Inverted Warm Deck Roof
The inverted roof puts the insulation above the roof covering. The insulation is then protected with a layer of ballast, chippings or concrete paving. This system is often seen in more commercial projects. The waterproofing layer is protected by the insulation, but it can be difficult to locate defects if there is a leak.
Both of the warm roof options prevent wasteful cutting of insulation and decrease installation time, therefore labour costs.
A cold roof system sees the insulation placed immediately above the ceiling between the joists, with ventilation space above the insulation. The structural elements are not protected by a layer of insulation so they can deteriorate over time due to thermal movement. It is difficult to provide suitable ventilation to the void above the insulation to prevent condensation. This roof system is rarely used nowadays due to the difficulties in ventilation, thermal bridging and risk of condensation and failure.
Given the cold roof is less common, all information will be referring to a warm roof design.
Timber Structural Deck
A timber structural deck on a flat roof must be of adequate strength to maintain structural integrity and provide support to the roof coverings and possible maintenance access after construction.
Plywood and OSB are usually used for a flat roof timber deck. Roofing grade OSB should be manufactured to BS EN 300 grade OSB3 and certified by BBA. It must be specified at a minimum thickness of 18mm.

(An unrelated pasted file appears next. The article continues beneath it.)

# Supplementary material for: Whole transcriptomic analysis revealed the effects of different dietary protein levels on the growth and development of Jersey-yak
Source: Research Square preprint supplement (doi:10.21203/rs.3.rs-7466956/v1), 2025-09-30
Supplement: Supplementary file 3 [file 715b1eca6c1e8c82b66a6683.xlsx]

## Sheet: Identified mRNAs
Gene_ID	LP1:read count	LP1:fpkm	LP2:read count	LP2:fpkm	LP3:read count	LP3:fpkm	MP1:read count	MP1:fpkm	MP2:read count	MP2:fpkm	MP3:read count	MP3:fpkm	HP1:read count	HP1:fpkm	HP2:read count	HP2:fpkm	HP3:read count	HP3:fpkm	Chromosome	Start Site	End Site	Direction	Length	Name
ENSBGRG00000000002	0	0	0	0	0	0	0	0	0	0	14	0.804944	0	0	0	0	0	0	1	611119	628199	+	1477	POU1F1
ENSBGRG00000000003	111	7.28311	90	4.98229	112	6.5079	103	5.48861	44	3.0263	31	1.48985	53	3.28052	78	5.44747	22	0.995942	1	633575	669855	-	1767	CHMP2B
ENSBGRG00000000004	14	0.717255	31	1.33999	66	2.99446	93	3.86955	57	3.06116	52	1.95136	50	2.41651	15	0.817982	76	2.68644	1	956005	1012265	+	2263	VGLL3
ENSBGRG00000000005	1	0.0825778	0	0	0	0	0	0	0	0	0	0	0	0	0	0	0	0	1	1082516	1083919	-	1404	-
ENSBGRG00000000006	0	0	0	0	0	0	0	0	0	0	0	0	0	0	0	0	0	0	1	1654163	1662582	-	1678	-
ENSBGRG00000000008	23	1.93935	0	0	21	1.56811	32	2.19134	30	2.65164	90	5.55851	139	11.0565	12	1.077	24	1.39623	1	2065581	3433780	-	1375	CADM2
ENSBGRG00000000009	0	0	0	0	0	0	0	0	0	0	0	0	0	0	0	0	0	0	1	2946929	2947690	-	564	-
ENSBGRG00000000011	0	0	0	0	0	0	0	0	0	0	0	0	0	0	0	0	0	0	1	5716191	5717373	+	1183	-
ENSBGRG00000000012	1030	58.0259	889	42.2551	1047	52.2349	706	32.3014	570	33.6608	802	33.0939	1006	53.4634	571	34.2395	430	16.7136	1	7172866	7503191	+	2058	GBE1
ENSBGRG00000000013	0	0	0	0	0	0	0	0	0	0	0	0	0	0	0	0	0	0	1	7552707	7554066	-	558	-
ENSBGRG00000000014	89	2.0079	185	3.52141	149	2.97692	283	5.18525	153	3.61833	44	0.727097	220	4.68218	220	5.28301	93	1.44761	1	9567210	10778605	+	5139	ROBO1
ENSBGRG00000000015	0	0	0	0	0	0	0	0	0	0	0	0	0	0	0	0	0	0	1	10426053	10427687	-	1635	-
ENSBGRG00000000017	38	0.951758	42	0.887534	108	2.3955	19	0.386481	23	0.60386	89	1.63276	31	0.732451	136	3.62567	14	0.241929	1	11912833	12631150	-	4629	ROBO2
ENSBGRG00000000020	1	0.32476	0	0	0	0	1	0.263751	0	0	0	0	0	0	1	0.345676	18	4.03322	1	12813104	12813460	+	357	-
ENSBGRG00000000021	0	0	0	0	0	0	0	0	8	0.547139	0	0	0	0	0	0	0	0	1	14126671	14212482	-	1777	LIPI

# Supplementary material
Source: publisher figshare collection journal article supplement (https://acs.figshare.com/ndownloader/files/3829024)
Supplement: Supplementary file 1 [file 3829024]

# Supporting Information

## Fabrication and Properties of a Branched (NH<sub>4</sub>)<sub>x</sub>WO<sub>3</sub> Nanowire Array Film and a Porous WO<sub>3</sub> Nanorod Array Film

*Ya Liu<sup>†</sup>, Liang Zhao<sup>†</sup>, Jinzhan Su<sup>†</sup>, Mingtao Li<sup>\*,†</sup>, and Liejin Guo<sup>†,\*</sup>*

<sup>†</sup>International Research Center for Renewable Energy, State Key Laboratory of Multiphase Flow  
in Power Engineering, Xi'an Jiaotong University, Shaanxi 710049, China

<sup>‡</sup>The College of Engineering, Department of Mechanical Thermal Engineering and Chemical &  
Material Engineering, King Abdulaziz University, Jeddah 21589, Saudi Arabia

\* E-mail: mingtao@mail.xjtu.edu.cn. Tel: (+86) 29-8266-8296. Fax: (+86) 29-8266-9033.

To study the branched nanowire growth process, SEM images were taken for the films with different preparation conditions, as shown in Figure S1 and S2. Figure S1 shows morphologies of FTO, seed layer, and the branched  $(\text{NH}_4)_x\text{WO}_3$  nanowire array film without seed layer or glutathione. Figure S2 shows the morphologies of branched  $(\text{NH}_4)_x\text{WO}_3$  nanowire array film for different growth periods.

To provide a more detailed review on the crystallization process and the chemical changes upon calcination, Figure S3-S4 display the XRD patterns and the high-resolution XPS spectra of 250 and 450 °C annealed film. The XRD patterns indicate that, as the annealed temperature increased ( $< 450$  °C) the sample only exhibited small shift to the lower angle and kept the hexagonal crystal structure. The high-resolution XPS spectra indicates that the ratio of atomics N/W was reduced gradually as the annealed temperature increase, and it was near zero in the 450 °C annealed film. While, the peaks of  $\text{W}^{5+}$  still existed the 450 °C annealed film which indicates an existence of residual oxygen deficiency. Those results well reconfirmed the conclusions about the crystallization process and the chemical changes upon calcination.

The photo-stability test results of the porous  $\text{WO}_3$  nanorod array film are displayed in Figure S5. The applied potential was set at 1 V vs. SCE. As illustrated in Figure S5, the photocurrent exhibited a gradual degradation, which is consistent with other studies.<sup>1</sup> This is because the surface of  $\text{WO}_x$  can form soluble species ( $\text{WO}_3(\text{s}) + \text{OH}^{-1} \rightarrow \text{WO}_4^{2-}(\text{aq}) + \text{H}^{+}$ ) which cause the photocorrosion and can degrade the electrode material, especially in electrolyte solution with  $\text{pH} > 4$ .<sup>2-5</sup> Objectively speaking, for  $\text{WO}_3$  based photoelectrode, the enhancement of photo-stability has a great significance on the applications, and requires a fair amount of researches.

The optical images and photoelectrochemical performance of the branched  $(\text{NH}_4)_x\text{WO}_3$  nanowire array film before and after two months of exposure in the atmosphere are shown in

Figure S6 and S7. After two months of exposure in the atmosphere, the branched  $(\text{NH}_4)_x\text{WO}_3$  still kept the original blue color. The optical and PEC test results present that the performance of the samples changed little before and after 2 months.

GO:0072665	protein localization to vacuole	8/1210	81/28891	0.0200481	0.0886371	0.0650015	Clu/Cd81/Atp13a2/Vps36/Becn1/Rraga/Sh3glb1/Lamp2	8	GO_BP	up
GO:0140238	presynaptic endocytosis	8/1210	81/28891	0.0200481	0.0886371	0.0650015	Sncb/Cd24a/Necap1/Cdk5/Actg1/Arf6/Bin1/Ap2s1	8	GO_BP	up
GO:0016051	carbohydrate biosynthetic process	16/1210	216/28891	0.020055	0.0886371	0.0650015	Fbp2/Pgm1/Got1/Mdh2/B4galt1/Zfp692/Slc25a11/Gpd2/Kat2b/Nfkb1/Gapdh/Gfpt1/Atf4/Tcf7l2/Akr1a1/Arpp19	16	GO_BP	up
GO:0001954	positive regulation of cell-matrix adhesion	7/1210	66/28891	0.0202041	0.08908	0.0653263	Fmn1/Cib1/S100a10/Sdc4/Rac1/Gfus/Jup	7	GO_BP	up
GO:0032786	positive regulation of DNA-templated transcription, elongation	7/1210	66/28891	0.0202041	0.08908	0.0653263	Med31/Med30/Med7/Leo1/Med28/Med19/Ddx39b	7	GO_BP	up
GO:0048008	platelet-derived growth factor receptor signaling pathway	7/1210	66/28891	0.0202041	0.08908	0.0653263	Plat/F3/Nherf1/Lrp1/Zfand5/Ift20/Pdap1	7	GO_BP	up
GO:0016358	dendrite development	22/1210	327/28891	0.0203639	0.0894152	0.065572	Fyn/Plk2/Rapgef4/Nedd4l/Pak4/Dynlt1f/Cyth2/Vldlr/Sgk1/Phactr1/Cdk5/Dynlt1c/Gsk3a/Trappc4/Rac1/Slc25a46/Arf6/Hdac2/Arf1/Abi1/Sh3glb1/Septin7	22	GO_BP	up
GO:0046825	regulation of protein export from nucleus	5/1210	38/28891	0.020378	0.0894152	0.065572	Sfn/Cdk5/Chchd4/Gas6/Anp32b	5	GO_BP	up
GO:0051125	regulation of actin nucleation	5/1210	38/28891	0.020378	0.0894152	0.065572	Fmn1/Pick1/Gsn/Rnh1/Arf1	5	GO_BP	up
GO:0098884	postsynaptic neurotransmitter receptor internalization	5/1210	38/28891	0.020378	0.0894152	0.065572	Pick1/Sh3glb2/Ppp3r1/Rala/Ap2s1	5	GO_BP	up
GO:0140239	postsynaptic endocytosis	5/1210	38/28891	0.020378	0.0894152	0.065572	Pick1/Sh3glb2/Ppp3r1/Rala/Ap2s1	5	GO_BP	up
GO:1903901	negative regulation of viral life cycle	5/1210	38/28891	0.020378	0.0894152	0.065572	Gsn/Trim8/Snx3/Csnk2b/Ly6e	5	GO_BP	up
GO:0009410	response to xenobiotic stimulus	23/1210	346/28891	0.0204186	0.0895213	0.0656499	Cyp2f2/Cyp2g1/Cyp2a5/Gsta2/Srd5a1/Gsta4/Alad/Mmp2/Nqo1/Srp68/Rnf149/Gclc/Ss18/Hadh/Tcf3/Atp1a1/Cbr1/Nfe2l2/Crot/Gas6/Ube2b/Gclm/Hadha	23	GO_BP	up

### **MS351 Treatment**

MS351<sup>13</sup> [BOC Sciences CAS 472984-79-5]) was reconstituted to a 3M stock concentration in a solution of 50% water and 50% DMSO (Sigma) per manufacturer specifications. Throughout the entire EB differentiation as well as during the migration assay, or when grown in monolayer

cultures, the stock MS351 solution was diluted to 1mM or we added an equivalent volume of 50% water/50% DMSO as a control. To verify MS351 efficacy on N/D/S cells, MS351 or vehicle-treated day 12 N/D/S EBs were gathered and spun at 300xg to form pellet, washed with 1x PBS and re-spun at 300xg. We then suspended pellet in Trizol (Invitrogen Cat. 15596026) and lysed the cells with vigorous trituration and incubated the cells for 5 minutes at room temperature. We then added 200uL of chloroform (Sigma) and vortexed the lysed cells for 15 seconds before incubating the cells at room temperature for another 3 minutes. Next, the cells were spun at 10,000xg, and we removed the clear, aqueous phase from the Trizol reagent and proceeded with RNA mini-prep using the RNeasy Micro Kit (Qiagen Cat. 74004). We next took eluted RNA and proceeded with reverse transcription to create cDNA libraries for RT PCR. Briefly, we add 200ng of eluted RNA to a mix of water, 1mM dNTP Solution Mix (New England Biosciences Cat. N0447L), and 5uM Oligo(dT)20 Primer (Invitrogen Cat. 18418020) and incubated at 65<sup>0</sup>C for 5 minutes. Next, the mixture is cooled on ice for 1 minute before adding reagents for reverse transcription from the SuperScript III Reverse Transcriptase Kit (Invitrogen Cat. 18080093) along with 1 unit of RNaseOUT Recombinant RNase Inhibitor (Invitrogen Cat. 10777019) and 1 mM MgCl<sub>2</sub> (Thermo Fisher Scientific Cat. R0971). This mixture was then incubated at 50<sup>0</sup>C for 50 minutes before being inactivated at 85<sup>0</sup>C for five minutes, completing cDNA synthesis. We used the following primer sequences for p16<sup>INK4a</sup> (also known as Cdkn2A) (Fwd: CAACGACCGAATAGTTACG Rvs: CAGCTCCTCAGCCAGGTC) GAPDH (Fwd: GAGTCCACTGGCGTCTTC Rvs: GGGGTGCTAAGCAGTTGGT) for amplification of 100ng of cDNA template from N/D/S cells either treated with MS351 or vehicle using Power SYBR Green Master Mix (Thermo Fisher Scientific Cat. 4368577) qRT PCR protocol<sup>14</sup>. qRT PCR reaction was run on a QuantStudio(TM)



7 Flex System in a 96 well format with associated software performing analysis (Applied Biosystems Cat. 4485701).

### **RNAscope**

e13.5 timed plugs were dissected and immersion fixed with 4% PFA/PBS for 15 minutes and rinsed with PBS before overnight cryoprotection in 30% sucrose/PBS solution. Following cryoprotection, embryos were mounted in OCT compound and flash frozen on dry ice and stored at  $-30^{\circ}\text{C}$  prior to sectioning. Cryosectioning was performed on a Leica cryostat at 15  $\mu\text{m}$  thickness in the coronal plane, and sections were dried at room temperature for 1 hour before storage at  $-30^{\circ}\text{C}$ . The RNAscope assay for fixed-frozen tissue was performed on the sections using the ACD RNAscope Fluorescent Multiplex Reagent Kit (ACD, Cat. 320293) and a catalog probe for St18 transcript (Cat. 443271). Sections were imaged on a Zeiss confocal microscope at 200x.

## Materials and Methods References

If specifying plywood, a minimum thickness of 18mm to a BS EN 636 minimum Service class 2 for humid conditions, or where required Service Class 3 – exterior conditions.
Boards must be laid with staggered joists and provide an expansion gap between boards of 3mm and 10mm at abutment with a rigid upstand.
Other options for flat roof decks include concrete and profiled metal decking. Concrete flat roof decks are more common in flats or commercial settings.
Flat Roof Thermal Requirements
The thermal performance requirements of the flat roof are set out in Part L of the Building Regulations. According to Approved Document Part L (2021 Edition) new roofs must achieve a U-value of 0.11 W/m2K.
Upgrading existing roofs must achieve a U-value of 0.15 W/m2K, refer to Approved Document Part L for full requirements for new elements in existing dwellings, extensions, renovating elements in existing dwellings and necessary U-values.
There are many types of insulation that can be used on a flat roof – often the choice of insulation is guided by U-Value requirements and compatibility with the roof type and waterproofing system chosen.
In a warm flat roof design, the insulation will usually be rigid insulation such as extruded polystyrene or compressed boards of rock fibre.
The insulation must be strong enough to take any loading from foot traffic on the roof, and be suitable for external use. Often separating membranes are required between the insulation and the waterproofing material. Refer to manufacturer’s recommendations.